Monday, October 15, 2007

Radical Compassion



I've been thinking about the climate of vitriolic extremes gripping our country - a lot of judgement is being splashed around, a lot of stones being thrown. And it makes me think of one of the Bible's best, yet least heeded, moments. The one when Jesus said, "Let he who is without sin cast the first stone."

So who among us is blameless? Not me. There are things I've done in my life that I think are shameful. OK, admittedly, I've never started a war, or ordered torture, but I've done hurtful things to people who deserved better. And yet I think I'm a good, kind person. So both of those things exist within me, but neither defines me entirely.

And I think about my family: My mother is a truly sweet person, adored by almost anyone who meets her. But she also believes that our ancestors, who were slave owners, were "good" slave owners (!) because the records show that they bought their slaves shoes. I have fussed at her endlessly about this: told her that the shoes were, no doubt, bought to increase productivity; that there can be no "good" ever in the enslavement of another person. She shuts up about it now, which is something. But I think, in her heart, she wants to believe that our kin were better than those other, bad slave owners. Good woman, silly woman, self-deluding woman all in one person.

Then there was her mother, an activist in getting women the right to vote, who worked on the campaigns of every democratic presidential candidate since women got the right to vote. She knew FDR and JFK, who appointed her to the UN as ambassador for women's rights. But she was a Democrat by way of our family being Dixicrats. Dixicrats were the lovely folks who, after the Civil War, worked to divide the suddenly mixed-race working/farming-class vote by racial fear mongering. In North Carolina my kin did this by starting the Klu Klux Kan. So, back to my Grandmother, the admirable suffragette. When I was in college, visiting her, she asked me to make ONE sandwich for the gardener, who was black. He'd been working hard all morning, so I said I thought two would better. "Just one," she says. "Because if you make more, he'll always want more. Also, don't invite him in to eat." Ouch. The ugly past finds its way into the present.

My past, everyone's, is an unwieldy mix of pride and shame. I come from crofters (subsistence farmers), who were driven off the Isle of Skye by greedy lords in "The Clearances." The children of these abused and disposessed crofters later became slaveholders and Klansmen, abusing and dispossessing others. I'm sure that I have black "cousins" whose great great grandmothers were raped by my kin. but I also come from the Cherokee (dna test proven!) who were murdered and driven off their lands by the U.S. government. All of them inform but, I hope, don't define who I am.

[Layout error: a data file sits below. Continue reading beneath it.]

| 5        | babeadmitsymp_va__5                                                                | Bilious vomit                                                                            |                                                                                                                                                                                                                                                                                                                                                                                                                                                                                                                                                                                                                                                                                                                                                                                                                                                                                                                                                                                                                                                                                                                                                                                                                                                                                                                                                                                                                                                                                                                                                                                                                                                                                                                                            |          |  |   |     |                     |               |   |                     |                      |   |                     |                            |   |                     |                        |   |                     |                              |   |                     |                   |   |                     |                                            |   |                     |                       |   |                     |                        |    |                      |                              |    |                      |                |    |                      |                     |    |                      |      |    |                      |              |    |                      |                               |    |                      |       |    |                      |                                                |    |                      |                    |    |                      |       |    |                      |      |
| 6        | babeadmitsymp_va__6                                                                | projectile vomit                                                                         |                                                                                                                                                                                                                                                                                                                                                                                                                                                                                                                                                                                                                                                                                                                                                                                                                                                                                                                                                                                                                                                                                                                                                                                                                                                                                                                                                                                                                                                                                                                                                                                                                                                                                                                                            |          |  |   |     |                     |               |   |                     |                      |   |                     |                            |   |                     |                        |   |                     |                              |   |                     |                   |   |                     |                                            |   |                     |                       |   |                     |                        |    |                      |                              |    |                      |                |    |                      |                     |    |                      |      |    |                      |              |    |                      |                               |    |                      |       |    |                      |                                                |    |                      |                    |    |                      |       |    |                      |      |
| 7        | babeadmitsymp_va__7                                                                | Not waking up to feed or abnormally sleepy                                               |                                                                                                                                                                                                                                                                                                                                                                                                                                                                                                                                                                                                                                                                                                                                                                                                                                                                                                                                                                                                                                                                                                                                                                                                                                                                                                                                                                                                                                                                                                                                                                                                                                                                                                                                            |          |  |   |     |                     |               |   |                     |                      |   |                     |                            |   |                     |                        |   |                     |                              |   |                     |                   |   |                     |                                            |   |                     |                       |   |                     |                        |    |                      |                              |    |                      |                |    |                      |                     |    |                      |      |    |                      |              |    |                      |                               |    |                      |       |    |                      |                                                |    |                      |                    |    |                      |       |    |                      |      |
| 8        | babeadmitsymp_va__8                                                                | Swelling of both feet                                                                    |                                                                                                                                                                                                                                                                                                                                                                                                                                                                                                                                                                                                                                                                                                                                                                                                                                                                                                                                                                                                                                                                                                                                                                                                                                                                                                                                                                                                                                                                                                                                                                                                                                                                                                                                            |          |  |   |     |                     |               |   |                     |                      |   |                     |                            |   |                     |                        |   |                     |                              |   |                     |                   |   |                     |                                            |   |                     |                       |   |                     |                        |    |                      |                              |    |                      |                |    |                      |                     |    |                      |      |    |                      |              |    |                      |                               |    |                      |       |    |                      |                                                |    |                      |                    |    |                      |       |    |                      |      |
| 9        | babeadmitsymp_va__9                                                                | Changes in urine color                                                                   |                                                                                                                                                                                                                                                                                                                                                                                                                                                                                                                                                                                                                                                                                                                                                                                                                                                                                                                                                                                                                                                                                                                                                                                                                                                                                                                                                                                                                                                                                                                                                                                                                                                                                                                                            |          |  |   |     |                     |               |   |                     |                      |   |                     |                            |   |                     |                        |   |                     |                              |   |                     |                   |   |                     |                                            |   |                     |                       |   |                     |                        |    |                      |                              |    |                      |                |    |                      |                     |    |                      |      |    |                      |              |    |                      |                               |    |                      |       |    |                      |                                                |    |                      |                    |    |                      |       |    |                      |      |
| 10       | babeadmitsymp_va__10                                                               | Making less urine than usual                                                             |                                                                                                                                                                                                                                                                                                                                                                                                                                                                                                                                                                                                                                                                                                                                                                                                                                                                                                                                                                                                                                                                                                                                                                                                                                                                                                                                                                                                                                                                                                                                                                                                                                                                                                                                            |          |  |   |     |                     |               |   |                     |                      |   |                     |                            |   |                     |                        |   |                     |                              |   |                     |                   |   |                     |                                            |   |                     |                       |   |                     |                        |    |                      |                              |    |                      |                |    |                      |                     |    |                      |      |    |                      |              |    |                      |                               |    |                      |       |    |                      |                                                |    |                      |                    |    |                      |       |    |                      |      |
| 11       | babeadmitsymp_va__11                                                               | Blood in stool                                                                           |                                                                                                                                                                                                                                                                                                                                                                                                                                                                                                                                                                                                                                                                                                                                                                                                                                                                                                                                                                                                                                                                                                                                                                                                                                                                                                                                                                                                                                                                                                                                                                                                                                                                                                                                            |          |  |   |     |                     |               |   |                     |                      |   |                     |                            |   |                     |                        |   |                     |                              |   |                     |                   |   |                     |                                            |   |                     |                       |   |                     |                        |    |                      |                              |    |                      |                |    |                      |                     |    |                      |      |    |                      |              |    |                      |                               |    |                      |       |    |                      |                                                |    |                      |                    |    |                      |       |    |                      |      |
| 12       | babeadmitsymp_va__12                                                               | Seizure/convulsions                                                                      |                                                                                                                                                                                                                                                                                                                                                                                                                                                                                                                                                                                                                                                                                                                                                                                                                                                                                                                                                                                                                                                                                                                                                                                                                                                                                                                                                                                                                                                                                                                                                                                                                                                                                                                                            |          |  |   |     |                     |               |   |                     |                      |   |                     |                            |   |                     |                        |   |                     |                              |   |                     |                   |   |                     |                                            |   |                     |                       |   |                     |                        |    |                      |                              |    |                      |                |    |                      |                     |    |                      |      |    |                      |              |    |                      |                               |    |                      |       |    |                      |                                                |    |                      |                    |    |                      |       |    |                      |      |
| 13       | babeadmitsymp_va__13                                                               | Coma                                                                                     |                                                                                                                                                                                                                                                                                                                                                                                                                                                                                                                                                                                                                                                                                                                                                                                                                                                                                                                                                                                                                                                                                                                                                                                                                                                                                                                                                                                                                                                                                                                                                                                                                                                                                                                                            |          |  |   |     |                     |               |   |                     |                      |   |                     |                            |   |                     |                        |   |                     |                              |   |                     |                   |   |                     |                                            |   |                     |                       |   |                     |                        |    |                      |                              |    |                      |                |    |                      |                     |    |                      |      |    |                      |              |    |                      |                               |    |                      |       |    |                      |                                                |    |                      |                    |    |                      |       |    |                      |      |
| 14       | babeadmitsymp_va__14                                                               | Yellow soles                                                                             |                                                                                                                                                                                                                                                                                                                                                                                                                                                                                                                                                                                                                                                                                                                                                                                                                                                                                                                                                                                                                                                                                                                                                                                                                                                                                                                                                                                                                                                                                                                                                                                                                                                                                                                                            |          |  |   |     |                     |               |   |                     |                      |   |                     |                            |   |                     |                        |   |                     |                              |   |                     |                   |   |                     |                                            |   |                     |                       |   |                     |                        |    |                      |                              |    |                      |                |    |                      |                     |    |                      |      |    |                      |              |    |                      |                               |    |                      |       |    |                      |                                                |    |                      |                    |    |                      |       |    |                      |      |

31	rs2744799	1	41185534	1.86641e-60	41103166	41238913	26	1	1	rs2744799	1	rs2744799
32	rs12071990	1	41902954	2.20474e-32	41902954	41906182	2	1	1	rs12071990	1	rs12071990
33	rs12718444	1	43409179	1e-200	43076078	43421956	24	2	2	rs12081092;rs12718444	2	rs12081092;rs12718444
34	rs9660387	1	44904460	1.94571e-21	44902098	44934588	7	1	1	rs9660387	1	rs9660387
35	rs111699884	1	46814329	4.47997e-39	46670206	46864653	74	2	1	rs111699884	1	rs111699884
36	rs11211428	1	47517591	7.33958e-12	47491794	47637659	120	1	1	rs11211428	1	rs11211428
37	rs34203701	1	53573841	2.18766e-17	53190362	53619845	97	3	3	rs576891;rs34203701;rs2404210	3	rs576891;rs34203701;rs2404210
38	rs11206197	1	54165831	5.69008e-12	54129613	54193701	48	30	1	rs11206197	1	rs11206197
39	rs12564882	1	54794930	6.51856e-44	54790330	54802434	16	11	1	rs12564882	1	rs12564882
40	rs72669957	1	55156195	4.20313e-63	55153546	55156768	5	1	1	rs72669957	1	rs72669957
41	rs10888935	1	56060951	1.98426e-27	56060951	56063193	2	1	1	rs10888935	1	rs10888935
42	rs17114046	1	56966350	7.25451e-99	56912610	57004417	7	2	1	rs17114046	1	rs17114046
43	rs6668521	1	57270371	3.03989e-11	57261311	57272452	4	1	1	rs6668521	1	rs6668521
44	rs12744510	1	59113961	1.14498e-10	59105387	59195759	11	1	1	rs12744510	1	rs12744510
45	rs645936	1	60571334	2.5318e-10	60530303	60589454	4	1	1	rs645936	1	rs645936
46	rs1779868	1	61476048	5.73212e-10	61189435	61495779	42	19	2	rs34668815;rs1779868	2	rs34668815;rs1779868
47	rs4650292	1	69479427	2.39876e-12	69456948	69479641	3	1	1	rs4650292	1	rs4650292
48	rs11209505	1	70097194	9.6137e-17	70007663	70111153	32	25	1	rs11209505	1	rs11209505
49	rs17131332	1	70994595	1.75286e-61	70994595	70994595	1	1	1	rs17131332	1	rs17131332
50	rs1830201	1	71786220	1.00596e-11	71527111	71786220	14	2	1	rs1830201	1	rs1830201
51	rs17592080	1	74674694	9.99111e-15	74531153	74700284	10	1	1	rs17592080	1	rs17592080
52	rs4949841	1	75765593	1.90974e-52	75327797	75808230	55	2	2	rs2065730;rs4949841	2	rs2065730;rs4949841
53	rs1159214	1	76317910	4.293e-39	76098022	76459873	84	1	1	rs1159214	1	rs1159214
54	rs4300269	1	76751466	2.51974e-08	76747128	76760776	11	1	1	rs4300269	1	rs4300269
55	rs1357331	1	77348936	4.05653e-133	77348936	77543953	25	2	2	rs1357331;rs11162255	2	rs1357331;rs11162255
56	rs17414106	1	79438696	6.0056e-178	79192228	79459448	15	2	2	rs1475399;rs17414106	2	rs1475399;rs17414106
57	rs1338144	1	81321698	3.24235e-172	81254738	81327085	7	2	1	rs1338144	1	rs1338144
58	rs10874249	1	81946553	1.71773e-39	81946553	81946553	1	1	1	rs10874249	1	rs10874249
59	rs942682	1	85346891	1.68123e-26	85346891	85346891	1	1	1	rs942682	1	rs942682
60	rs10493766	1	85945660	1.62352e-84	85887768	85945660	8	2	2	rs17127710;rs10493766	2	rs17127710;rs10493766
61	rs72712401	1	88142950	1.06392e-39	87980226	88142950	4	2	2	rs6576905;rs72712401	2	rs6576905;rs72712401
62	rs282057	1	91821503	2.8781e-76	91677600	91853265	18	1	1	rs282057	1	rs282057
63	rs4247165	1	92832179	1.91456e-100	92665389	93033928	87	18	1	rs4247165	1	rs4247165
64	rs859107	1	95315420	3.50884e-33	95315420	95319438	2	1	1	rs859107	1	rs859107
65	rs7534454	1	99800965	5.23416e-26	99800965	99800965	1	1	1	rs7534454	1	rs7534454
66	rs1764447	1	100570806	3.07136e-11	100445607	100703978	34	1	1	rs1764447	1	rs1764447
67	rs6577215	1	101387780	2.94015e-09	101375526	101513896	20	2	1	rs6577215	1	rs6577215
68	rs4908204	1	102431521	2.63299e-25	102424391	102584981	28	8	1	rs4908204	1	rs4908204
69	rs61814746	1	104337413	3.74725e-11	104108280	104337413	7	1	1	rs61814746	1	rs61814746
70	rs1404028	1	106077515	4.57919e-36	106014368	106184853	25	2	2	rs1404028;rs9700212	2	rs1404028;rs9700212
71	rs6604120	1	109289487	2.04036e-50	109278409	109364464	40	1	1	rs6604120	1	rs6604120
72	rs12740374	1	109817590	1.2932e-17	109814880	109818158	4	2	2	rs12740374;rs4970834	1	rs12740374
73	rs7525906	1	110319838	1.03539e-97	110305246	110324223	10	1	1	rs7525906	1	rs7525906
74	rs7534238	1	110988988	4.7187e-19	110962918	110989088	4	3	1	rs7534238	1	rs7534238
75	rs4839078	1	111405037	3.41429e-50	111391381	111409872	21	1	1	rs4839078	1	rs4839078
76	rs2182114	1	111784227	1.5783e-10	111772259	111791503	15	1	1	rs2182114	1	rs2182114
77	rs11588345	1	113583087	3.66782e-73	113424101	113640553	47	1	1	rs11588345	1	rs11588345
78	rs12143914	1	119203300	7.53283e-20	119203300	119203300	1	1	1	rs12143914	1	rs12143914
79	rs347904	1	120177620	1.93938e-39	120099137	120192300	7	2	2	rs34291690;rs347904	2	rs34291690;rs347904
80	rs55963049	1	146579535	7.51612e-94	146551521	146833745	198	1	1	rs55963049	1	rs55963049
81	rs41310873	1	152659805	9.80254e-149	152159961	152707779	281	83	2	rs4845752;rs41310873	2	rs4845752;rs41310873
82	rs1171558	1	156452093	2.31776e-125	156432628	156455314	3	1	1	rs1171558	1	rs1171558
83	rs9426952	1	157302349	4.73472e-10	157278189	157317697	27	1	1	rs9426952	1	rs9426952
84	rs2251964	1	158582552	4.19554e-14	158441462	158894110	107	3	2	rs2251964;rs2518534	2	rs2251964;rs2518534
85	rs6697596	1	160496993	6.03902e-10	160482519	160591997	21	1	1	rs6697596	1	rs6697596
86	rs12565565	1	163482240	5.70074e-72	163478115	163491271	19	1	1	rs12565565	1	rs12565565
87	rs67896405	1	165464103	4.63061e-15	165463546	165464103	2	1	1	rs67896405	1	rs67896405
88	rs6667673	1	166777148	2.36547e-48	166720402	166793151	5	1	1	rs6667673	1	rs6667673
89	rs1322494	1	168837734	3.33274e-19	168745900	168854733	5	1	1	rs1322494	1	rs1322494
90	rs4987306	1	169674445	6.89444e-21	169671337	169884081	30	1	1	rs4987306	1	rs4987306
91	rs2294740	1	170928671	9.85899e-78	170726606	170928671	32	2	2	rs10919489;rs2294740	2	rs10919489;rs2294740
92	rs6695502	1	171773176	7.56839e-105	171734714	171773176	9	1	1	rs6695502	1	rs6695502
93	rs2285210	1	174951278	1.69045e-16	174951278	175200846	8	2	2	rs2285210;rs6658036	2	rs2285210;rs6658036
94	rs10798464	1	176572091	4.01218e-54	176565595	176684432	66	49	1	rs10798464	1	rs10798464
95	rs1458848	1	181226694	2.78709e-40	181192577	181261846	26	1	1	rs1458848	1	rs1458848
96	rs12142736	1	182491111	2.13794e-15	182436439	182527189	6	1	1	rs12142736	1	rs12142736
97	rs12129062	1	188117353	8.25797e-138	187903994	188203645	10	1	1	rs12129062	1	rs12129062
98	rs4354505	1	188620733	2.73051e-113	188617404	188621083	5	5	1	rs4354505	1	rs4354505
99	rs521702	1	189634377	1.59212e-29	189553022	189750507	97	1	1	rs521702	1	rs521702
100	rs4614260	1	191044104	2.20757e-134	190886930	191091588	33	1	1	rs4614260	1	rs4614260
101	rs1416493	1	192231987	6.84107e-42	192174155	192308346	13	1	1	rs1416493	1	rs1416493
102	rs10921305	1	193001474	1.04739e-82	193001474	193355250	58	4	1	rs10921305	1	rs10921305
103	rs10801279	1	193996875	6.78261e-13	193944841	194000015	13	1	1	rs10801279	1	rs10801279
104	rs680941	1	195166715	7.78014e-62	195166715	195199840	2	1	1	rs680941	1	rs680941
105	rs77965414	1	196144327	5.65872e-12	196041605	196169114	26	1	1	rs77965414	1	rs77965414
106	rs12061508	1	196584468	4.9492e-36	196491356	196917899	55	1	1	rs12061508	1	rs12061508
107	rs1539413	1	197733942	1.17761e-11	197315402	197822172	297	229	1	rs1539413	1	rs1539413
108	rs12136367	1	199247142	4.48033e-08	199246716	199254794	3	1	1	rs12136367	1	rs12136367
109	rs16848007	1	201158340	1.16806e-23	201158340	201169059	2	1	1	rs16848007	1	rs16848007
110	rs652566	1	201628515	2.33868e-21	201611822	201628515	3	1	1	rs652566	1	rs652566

So I've been pondering all this as I listen to pundits skewering people, left and right (yes, pun intended). Because I have friends who are (gasp) Republican. We disagree entirely on the solutions to most of the problems facing the world today. But we share our experience of those problems. We have the same worries and goals: we want our children to be safe, to be educated; we ache over their missteps and worry that we are not doing our jobs as mothers well enough; we pinch pennies and do without things ourselves, so our kids can have the things they need; we hope that when we retire we'll be able to get by. We might see eachother as misguided fools, but not as irretrievably evil because we've shared our fear and exhasution, rallied each other to keep going. My knowing them helps me to not dehumanize others who share their views. I hope that knowing me, an openly pinko, knee-jerk, bleeding-heart liberal, does the same for them. Because it's the dehumanization of others that allows us to abuse them, and so become less fully human ourselves. Now, I loathe George Bush and Dick Cheney as much as anyone (who is a pinko bleeding heart liberal) does. but I also feel, in some vague way, that that's a failing in me. I want to be able to judge the actions of the human, but leave their (and my) humanity intact. It's hard. I'm working on it.

In Buddhism there is the concept of "Radical compassion," using love like a sword to break the chains of misery and rage that bind most humans to rebirth. I don't know what I think about rebirth, but I like the strength implied in radical compassion. We certainly need to be strong, to rebuke and repudiate the evil acts of those around us. But we also need to break the "chains of rage" that bind and dehumanize us all by seeing the essential humanity, especially, perhaps, of those we rebuke most strongly.

2 comments:

Monica said...

we can only be who we are are and not get caught up in our familial shortcomings. understanding our history is super important though. cyclical thoughts make me dizzy.

Elizabeth said...

Yeah, I know. It is dizzying, and not exactly pertinent to raising four kids and trying to get by. But my mother, who is 81, took me to the Isle of Skye last year to see where we started from. Seeing the abandonned crofters cottages all over that paradisical island (it's on the gulf stream, so it has mountains, moors, beaches, and palm trees!) brought these people vividly alive to me, and they've been rumbling around in my head ever since - who they were, what they lost, what they became.....